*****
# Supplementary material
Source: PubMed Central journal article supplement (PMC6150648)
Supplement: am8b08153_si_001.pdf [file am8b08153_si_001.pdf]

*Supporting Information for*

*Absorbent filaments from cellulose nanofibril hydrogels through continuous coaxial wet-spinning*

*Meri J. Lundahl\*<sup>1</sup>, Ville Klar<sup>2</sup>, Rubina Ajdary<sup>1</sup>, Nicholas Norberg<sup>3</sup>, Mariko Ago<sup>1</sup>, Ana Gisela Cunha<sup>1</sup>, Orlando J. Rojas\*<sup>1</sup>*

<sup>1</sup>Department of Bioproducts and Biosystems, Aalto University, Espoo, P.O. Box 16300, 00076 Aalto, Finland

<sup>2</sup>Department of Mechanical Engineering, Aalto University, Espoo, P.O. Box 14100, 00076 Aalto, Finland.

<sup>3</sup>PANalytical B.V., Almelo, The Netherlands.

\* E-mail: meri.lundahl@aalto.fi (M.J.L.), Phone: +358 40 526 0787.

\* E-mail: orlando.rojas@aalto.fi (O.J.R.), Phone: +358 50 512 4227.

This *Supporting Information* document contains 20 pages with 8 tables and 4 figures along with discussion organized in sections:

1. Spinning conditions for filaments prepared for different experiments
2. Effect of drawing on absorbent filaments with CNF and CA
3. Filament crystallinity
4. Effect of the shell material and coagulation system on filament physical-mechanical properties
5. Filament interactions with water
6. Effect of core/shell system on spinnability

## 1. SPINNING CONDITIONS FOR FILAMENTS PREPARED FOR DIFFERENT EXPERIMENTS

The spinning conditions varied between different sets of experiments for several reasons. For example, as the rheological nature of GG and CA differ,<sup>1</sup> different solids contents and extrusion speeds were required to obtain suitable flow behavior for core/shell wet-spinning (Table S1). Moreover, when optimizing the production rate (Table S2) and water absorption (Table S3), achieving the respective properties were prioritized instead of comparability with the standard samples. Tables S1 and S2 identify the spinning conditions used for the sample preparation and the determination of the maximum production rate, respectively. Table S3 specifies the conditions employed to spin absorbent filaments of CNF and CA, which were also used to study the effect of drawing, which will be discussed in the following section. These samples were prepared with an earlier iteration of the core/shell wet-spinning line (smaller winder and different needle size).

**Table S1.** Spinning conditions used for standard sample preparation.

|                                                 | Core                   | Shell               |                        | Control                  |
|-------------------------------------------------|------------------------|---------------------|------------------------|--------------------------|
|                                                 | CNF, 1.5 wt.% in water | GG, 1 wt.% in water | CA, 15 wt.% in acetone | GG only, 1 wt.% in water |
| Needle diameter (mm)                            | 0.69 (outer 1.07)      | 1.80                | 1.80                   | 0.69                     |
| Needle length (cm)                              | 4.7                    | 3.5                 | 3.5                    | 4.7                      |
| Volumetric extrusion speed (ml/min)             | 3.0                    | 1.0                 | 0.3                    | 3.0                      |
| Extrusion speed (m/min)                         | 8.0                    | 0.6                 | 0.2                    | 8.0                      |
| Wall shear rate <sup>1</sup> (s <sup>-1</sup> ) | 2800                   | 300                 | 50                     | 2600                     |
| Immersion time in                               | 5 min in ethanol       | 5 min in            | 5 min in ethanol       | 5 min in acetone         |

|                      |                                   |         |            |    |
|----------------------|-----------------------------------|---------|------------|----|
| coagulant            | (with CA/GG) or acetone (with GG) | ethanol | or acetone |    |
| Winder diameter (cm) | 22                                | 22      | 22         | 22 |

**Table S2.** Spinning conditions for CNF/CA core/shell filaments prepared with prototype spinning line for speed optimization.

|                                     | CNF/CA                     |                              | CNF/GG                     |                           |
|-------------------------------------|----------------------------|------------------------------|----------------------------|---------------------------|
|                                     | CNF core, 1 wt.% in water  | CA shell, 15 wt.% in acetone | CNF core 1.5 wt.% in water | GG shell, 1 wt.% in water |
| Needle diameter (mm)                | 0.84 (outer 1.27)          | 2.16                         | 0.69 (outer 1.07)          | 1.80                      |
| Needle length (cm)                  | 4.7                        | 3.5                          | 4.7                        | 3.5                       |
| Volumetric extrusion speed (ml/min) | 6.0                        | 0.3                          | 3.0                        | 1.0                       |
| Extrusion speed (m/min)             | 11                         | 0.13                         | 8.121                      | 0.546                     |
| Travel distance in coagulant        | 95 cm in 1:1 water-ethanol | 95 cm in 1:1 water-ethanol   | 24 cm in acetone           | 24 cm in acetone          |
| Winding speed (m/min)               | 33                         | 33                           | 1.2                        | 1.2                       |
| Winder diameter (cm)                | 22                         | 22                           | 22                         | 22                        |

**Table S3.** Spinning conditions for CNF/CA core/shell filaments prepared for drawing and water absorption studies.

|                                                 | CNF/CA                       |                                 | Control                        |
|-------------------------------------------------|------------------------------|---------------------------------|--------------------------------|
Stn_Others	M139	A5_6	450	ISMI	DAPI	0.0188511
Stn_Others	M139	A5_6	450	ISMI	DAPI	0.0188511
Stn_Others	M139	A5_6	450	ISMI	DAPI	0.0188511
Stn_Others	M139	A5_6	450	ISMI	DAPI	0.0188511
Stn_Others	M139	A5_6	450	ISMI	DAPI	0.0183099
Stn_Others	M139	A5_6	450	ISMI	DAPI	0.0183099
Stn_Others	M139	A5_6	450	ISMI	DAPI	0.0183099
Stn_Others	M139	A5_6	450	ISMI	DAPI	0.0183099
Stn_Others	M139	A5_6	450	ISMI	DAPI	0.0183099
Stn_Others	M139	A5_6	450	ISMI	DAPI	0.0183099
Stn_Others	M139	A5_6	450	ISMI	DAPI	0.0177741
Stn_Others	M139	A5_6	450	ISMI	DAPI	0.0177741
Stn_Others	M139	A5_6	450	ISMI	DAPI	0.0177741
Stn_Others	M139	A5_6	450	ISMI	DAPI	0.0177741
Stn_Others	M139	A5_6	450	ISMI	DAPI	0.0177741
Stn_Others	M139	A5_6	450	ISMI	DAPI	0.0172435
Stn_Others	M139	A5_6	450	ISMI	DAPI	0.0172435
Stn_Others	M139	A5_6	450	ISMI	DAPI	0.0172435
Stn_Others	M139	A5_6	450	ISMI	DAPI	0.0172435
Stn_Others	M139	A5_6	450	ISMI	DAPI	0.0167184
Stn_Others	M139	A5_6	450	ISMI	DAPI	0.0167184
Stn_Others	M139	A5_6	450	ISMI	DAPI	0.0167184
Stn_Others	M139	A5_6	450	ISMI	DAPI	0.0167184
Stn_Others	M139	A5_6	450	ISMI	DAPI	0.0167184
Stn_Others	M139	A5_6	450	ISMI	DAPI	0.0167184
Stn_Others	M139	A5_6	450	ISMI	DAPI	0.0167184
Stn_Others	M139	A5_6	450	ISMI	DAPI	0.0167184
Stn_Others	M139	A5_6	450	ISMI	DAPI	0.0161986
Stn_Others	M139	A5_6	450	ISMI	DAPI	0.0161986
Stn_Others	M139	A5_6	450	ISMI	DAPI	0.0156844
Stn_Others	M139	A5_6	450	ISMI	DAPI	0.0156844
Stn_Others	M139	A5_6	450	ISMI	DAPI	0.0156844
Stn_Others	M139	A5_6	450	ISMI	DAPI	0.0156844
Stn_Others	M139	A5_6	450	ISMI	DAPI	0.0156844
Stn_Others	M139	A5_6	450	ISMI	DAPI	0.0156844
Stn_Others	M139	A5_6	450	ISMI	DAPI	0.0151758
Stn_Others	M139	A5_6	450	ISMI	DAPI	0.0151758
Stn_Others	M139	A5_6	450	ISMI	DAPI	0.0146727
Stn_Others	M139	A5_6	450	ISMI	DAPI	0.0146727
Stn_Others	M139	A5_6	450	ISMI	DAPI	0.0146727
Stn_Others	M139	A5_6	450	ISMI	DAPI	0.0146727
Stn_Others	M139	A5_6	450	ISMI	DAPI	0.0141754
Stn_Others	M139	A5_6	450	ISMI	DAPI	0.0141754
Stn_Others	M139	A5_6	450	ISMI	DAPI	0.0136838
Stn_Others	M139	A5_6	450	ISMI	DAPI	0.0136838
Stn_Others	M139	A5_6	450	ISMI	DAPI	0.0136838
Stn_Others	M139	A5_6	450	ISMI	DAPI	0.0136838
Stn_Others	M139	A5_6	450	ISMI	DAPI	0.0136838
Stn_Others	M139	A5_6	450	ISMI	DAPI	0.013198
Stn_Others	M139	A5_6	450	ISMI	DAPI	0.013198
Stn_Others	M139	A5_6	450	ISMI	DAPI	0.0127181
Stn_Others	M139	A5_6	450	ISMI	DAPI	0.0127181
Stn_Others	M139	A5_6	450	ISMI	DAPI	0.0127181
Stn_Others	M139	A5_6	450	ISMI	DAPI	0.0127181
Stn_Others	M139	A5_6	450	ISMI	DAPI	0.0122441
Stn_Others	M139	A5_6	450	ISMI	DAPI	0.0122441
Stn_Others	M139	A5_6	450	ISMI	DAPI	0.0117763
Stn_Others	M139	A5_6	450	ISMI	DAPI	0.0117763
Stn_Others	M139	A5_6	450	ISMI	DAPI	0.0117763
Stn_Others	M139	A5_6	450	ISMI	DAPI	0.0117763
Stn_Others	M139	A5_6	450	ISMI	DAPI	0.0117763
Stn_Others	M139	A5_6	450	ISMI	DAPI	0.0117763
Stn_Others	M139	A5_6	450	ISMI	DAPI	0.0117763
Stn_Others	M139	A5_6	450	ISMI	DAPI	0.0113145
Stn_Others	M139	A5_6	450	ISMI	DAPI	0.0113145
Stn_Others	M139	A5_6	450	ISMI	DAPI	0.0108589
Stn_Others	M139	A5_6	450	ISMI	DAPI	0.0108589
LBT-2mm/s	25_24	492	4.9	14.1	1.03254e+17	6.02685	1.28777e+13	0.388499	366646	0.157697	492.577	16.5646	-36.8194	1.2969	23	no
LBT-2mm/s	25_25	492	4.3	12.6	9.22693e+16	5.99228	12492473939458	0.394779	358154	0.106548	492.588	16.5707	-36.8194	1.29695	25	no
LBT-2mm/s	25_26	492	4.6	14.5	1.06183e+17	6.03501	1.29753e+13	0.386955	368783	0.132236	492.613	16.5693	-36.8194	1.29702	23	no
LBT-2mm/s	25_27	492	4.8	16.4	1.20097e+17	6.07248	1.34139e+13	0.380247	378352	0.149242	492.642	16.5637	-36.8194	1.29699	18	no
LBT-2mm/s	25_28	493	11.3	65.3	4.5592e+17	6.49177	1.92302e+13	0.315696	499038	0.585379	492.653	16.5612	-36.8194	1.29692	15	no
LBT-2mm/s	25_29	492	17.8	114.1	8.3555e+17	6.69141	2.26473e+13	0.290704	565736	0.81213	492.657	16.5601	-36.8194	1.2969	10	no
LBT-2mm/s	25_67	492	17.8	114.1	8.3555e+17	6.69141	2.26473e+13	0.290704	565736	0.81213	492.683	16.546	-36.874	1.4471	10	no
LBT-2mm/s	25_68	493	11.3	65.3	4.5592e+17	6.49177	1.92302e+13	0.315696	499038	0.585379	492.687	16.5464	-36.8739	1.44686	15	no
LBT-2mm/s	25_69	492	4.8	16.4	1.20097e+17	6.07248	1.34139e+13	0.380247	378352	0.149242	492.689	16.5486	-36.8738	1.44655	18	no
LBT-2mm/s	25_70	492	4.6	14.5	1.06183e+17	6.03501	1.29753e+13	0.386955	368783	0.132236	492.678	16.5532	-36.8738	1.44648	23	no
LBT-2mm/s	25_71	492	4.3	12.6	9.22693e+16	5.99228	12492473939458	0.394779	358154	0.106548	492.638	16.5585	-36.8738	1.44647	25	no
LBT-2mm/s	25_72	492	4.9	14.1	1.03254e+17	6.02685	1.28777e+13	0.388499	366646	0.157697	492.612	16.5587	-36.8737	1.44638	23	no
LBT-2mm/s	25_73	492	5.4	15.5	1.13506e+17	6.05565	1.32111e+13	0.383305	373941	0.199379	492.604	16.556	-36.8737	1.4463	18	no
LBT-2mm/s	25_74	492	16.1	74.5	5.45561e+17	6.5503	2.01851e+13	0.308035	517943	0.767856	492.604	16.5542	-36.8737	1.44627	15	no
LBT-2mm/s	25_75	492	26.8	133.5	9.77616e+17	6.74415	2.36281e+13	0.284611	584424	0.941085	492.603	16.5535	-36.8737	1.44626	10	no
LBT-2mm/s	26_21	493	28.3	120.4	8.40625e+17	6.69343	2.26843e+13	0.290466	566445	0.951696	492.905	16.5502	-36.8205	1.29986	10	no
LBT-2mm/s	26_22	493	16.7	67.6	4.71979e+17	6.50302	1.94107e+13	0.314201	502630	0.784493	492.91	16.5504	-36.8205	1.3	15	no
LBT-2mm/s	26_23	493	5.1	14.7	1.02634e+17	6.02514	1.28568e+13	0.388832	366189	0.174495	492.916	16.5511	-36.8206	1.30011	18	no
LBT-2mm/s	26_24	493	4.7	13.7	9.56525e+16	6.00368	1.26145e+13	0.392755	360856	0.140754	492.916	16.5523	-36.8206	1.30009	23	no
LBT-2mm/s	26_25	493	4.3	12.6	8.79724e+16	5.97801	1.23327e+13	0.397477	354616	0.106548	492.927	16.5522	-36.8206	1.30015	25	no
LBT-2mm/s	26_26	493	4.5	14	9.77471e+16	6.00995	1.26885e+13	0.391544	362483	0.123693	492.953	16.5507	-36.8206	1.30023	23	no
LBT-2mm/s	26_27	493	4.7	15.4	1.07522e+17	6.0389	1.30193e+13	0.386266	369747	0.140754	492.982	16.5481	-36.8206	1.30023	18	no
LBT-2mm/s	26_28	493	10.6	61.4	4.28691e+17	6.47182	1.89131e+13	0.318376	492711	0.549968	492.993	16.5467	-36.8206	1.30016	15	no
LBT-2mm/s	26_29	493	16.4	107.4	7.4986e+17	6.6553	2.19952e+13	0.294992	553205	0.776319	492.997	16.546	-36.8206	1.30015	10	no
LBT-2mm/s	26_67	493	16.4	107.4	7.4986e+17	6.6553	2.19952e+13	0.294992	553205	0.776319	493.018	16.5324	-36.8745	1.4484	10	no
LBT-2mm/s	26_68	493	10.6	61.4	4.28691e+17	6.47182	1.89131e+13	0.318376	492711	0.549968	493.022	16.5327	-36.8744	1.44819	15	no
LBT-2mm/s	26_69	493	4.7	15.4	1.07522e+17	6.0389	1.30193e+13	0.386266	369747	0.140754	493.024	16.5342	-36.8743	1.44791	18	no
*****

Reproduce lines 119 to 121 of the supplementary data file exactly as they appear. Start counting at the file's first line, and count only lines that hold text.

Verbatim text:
LBT-2mm/s	25_27	492	4.8	16.4	1.20097e+17	6.07248	1.34139e+13	0.380247	378352	0.149242	492.642	16.5637	-36.8194	1.29699	18	no
LBT-2mm/s	25_28	493	11.3	65.3	4.5592e+17	6.49177	1.92302e+13	0.315696	499038	0.585379	492.653	16.5612	-36.8194	1.29692	15	no
LBT-2mm/s	25_29	492	17.8	114.1	8.3555e+17	6.69141	2.26473e+13	0.290704	565736	0.81213	492.657	16.5601	-36.8194	1.2969	10	no